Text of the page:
By Nick Toscano
Growing demands from some of the nation’s biggest miners for the Morrison government to set a price on carbon have been emphatically rejected, as federal Resources Minister Matt Canavan insists “taxes ain’t the answer”.
Mr Canavan on Wednesday gave one of the government’s strongest dismissals yet of a wave of calls from heads of major resources companies including Rio Tinto, BHP and Woodside for more decisive political action to curb carbon emissions and help transition to renewable energy.
In a reversal of its historical position against emissions pricing, oil and gas producer Woodside last month emerged as the latest resources company to demand a carbon price, with its chief executive, Peter Coleman, warning the consequence of inaction was “too great”.
Speaking on the sidelines of a Melbourne Mining Club event, Mr Canavan said he acknowledged that some major resources companies had signalled support for carbon pricing, but said, “I don’t see any evidence that such a policy approach would deliver”.
“I get along very well with Peter Coleman, and [BHP’s head of mining operations] Mike Henry was sitting next to me today … we can respectfully disagree about policy approaches,” he said. “I don’t see any evidence that such a policy approach would deliver.”
Carbon pricing calls from the business community have been compounding ever since the latest Intergovernmental Panel on Climate Change report set out a series of radical changes needed to limit global warming to 1.5 degrees and avoid some of the worst effects of climate change.
BHP, the world’s largest miner, said the report demonstrated the need for stronger climate action was more critical than ever, and should be a “rallying cry” to governments to cut global emissions.
“We believe there should be a price on carbon, implemented in a way that addresses competitiveness concerns and achieves lowest-cost emissions reductions,” BHP’s head of sustainability and climate change, Fiona Wild, said in October.
Mr Canavan on Wednesday said the Morrison government was “acting in accordance with the evidence and the science” on climate change, and was on course to beat Kyoto targets by a significant margin, showing its existing “direct” approach to climate change was succeeding.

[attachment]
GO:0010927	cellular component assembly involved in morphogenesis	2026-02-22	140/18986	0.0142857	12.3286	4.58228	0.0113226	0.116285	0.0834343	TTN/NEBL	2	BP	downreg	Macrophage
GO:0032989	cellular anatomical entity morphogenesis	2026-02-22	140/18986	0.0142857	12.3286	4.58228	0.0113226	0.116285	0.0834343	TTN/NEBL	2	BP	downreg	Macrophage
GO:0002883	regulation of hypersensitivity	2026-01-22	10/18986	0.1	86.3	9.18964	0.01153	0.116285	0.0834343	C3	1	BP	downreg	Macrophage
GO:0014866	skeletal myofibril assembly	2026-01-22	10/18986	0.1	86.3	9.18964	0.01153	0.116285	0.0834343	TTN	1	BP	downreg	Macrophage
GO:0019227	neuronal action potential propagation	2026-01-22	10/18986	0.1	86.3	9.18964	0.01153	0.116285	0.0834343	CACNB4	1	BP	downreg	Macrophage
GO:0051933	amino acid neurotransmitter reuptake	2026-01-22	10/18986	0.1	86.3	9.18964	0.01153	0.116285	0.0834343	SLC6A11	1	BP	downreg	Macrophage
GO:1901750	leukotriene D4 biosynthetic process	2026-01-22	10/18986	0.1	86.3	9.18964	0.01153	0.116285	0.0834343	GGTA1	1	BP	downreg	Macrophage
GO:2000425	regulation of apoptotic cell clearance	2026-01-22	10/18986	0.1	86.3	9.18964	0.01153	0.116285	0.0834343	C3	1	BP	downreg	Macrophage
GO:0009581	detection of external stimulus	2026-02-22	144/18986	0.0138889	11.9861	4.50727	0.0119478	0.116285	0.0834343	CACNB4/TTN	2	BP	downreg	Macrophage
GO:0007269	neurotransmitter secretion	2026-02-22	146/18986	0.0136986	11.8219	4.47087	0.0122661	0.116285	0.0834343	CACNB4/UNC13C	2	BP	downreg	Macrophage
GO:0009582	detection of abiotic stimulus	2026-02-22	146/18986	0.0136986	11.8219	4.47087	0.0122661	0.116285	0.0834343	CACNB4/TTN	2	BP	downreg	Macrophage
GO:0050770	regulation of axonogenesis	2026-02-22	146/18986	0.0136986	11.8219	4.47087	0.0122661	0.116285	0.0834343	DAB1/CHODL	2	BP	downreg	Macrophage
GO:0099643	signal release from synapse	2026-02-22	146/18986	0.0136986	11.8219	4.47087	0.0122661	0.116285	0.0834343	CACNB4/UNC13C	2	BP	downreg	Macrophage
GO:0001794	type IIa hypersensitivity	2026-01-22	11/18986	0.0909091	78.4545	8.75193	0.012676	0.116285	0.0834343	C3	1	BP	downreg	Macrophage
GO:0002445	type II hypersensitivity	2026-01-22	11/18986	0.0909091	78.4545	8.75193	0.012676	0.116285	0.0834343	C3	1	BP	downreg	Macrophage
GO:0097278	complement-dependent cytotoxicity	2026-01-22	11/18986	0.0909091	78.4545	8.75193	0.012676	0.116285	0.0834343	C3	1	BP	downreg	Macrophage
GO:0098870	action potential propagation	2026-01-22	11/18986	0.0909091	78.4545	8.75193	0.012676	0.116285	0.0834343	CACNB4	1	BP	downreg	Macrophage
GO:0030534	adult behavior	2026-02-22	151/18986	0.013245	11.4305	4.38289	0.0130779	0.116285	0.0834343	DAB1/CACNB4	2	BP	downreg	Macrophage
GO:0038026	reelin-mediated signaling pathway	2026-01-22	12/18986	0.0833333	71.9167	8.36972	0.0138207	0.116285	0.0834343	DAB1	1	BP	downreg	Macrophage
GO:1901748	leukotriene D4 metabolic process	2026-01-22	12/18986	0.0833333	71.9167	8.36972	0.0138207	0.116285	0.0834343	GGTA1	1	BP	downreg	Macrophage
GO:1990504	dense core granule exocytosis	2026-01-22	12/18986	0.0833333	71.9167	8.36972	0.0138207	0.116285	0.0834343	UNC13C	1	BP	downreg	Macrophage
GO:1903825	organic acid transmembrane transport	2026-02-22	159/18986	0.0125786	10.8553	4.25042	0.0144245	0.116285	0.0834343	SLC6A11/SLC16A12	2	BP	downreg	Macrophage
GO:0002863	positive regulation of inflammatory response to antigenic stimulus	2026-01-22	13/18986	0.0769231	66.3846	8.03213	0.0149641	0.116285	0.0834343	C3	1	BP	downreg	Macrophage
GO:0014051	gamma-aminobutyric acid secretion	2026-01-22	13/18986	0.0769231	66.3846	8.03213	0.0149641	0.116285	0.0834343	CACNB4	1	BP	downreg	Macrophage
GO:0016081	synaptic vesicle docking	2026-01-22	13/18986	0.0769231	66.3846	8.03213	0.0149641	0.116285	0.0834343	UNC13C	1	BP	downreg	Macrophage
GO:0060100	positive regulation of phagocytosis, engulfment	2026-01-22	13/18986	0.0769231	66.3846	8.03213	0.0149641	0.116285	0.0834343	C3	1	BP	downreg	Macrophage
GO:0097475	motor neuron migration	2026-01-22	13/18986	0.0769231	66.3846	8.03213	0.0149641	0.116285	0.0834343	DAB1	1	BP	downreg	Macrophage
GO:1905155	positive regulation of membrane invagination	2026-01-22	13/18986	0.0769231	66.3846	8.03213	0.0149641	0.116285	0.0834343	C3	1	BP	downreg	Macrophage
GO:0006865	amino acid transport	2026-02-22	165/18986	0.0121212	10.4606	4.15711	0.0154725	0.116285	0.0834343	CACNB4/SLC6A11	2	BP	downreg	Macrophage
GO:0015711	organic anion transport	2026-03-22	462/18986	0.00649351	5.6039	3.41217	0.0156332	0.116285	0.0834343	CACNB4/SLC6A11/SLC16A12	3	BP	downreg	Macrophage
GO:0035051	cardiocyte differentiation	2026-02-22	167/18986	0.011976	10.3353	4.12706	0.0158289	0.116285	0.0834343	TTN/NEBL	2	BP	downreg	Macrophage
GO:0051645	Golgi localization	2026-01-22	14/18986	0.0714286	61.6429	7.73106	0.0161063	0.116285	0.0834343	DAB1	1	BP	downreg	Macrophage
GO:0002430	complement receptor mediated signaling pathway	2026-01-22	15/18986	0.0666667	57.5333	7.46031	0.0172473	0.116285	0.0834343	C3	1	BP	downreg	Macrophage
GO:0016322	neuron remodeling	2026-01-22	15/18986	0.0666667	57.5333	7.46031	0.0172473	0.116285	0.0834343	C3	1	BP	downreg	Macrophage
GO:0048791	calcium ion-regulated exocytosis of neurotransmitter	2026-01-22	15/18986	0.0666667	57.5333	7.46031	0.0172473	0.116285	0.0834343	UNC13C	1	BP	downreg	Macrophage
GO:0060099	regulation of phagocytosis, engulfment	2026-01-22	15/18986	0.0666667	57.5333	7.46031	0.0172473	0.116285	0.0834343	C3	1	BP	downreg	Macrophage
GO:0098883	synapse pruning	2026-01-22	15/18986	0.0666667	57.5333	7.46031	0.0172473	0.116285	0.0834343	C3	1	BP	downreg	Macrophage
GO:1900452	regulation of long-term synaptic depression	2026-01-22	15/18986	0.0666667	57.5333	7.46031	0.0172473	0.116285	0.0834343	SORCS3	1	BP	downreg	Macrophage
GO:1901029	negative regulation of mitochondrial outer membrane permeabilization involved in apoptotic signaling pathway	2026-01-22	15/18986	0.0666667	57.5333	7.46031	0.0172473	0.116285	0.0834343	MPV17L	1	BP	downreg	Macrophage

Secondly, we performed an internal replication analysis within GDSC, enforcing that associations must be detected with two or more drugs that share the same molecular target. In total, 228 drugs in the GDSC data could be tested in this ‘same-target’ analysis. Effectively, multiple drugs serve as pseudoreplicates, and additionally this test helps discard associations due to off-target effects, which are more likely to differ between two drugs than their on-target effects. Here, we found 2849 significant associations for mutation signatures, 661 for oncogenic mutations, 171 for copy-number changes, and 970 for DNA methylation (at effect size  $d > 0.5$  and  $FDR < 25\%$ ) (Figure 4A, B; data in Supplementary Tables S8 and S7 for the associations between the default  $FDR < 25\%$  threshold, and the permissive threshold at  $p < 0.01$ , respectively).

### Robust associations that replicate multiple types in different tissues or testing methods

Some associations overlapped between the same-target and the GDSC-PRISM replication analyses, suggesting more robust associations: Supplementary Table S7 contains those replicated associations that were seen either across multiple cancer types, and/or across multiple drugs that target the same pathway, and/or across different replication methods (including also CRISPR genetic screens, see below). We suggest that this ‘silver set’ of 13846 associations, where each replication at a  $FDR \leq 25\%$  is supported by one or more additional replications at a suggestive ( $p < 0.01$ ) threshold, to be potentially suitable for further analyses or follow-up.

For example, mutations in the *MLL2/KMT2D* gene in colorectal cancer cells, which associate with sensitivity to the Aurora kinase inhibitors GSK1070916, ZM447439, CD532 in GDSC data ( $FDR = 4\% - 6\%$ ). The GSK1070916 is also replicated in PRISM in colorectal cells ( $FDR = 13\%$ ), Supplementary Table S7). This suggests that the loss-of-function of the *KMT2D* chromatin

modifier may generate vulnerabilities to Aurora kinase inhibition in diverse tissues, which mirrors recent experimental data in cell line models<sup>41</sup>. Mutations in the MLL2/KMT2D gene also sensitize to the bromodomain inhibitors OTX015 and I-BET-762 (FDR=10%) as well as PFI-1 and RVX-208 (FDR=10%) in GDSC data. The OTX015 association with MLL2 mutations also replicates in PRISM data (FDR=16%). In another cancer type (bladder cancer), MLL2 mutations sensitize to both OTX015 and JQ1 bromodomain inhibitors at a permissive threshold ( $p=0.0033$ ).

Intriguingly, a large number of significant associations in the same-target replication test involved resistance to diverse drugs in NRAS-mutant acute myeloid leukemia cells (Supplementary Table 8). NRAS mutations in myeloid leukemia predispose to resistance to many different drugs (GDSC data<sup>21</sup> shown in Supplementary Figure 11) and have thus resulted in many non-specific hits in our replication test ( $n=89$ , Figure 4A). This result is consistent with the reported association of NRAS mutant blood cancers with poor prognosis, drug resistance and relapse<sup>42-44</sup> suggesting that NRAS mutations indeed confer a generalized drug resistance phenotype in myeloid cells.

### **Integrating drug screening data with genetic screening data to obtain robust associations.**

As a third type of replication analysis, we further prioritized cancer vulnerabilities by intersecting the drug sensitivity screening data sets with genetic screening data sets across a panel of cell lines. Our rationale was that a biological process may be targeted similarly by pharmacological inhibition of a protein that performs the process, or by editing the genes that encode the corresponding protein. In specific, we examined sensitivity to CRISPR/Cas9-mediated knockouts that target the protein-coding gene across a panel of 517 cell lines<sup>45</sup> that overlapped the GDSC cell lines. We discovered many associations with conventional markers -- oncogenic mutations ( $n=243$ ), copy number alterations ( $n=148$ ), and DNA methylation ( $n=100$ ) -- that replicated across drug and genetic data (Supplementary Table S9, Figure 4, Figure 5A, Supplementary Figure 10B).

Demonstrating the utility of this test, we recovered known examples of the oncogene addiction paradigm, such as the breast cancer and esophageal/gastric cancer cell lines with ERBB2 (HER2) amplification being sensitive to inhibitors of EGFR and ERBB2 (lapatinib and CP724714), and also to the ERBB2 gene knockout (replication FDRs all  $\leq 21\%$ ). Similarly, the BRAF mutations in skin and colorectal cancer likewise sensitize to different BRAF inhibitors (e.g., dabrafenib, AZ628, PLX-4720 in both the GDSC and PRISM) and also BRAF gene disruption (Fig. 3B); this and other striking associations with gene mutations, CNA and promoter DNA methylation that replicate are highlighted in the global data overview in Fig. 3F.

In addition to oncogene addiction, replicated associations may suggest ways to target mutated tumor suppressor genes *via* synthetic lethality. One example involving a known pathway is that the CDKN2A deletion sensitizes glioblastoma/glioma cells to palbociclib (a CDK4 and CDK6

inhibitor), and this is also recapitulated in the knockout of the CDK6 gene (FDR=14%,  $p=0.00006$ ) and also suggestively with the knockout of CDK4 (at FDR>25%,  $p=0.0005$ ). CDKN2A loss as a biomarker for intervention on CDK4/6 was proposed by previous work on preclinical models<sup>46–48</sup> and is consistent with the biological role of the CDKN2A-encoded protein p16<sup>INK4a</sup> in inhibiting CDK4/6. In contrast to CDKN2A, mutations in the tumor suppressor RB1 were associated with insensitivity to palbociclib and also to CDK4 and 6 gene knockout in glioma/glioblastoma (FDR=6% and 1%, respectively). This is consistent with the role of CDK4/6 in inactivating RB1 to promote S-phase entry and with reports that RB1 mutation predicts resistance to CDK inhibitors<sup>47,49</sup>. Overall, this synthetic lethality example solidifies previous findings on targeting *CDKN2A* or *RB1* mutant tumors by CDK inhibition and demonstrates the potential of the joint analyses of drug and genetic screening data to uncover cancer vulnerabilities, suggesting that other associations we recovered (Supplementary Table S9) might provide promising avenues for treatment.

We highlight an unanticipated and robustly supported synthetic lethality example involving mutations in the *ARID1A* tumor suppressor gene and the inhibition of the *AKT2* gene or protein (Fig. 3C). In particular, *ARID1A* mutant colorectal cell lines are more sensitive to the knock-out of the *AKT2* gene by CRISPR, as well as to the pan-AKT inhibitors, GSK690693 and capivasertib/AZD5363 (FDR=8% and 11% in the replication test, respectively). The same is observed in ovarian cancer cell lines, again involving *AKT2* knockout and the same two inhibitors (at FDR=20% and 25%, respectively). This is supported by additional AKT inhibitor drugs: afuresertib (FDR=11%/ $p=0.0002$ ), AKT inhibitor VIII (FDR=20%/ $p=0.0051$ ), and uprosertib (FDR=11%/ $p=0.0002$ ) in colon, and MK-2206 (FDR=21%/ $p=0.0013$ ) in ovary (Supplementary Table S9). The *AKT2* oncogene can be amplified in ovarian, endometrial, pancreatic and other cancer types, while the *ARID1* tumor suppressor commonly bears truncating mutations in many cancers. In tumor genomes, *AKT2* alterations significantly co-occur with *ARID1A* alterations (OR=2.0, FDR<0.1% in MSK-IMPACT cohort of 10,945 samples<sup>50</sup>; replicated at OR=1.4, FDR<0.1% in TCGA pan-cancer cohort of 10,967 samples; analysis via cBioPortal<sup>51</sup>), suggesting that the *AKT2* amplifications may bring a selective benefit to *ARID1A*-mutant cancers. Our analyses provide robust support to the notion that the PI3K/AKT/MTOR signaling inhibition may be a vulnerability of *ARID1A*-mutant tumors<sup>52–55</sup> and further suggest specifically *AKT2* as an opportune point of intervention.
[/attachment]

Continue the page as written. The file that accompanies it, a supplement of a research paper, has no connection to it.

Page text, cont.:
“My view is that any proposed policy to tackle climate change must deliver lower energy costs over time, not higher,” he said. “If we deliver higher energy costs we will get a political reaction, just like you see in Paris, just like we’ve seen with the carbon tax. Taxes ain’t the answer – because taxes are ultimately going to find a constituency that’s opposed to them and they won’t last long.”
The evidence is clear Matt Canavan the Price on carbon worked
In his address to the mining club on Wednesday, Mr Canavan laid out an ambitious goal to stimulate a “new mining investment boom” that could support economic growth and tens of thousands of jobs.
Taxes ain’t the answer – because taxes are ultimately going to find a constituency that’s opposed to them and they won’t last long.
Mr Canavan said the mining boom had “come of the boil” over the past five years but, fortunately for Australia, the property sector had returned to prosperity and helped plug the gap in the economy. But as conditions in the property marketed softened, Mr Canavan said, “we should again focus” on attracting greater mining investment.
According to figures from the Office of the Chief Economist, there were 250 major resources projects across the country in some stage of planning, representing $275 billion worth of investment.
Most of these projects were in the “feasible” stage, Mr Canavan said, but just 10 per cent, representing $30 billion, were in the “committed” stage.
“The challenge for Australia and for our policy is to support as many of these projects as possible to turn them into the committed stage and ultimately completed projects,” he said.
Press link for more: SMH